I love the idea of lots of handmade items flying all over the place to new people.

So here's the deal:
Pay It Forward (via Sia, via Sandra via Camilla, via Bibbi and so on) - here are the rules:

I will send a handmade gift to the first 3 people who leave a comment on my blog requesting to join this PIF exchange. I don’t know what that gift will be yet and you may not receive it tomorrow or next week, but you will receive it within 365 days, that is my promise! The only thing you have to do in return is pay it forward by making the same promise on your blog.

I'm excited to see what happens!

I'm working on a ton of things right now and will blog about it soon.

Now playing: Kasey Chambers - Hollywood
via FoxyTunes

Saturday, September 22, 2007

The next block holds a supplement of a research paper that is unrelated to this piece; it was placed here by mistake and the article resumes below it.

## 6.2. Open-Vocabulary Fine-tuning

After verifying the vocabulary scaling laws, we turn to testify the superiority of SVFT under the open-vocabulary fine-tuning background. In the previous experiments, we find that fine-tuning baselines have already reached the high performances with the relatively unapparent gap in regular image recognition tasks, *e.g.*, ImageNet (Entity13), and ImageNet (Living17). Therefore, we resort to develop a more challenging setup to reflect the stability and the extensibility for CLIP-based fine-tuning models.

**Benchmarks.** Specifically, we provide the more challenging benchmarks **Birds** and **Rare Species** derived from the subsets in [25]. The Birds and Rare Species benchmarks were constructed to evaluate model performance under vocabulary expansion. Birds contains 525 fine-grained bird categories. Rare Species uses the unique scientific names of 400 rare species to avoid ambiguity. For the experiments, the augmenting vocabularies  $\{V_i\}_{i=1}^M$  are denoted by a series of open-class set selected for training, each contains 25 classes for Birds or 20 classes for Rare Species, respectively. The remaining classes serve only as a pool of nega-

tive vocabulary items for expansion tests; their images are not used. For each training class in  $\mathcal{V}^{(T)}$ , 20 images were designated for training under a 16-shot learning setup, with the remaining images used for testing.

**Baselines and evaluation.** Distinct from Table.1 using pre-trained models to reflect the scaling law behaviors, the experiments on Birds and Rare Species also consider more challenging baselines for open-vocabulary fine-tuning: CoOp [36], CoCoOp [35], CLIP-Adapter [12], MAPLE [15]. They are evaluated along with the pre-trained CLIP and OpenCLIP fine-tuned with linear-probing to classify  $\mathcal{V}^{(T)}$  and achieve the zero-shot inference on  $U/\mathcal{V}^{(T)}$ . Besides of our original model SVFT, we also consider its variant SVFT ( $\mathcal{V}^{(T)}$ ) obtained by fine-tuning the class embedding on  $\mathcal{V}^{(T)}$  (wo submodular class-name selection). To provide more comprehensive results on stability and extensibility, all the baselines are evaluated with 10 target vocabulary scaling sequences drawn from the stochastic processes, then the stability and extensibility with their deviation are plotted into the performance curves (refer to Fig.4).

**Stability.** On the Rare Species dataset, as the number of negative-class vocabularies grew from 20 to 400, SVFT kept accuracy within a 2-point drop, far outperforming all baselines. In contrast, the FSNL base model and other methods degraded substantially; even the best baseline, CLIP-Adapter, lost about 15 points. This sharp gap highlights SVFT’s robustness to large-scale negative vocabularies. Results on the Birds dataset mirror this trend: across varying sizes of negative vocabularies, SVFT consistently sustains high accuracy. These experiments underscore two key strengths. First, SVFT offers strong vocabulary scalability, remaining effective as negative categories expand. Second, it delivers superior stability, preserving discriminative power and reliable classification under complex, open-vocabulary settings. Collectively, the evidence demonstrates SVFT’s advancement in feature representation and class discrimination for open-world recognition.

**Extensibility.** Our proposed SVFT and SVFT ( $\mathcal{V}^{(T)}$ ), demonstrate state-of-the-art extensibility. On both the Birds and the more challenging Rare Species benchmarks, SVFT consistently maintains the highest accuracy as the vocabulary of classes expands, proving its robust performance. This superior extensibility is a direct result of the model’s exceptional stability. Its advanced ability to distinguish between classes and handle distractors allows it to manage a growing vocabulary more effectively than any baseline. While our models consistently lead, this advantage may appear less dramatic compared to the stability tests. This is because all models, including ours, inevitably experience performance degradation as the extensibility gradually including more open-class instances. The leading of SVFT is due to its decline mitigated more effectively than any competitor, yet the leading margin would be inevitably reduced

A Learning Experience

Which is what people seem to say when something goes wrong and they're trying to be positive...

I received work back from a show and the work was not packed properly. I was mad at first but now I'm just mad at myself. It's mostly my fault. I helped unpack the work but wasn't there to pack it up at the end. I just assumed that someone who helped unpack would pack it up or at least clue that person in...

Never assume.

So what happened was that whoever packed the paintings didn't put the archival paper on top of the paintings. This allowed the bubble wrap to lay directly against the surface of the painting and the pattern of the bubble wrap was transferred to the wax. It's hard to photograph but you can see it in the photo above in the right half - those shiny areas.

Maybe it's easier to see in this one - you can see dark and shiny circles:

What gets me, though, is that there was a piece of paper in EVERY box. Every painting was sent back packed in the correctly labeled box but the protective paper was disregarded underneath... Somewhere along the line it seems like someone would have wondered what it was for and clue in. Oh well...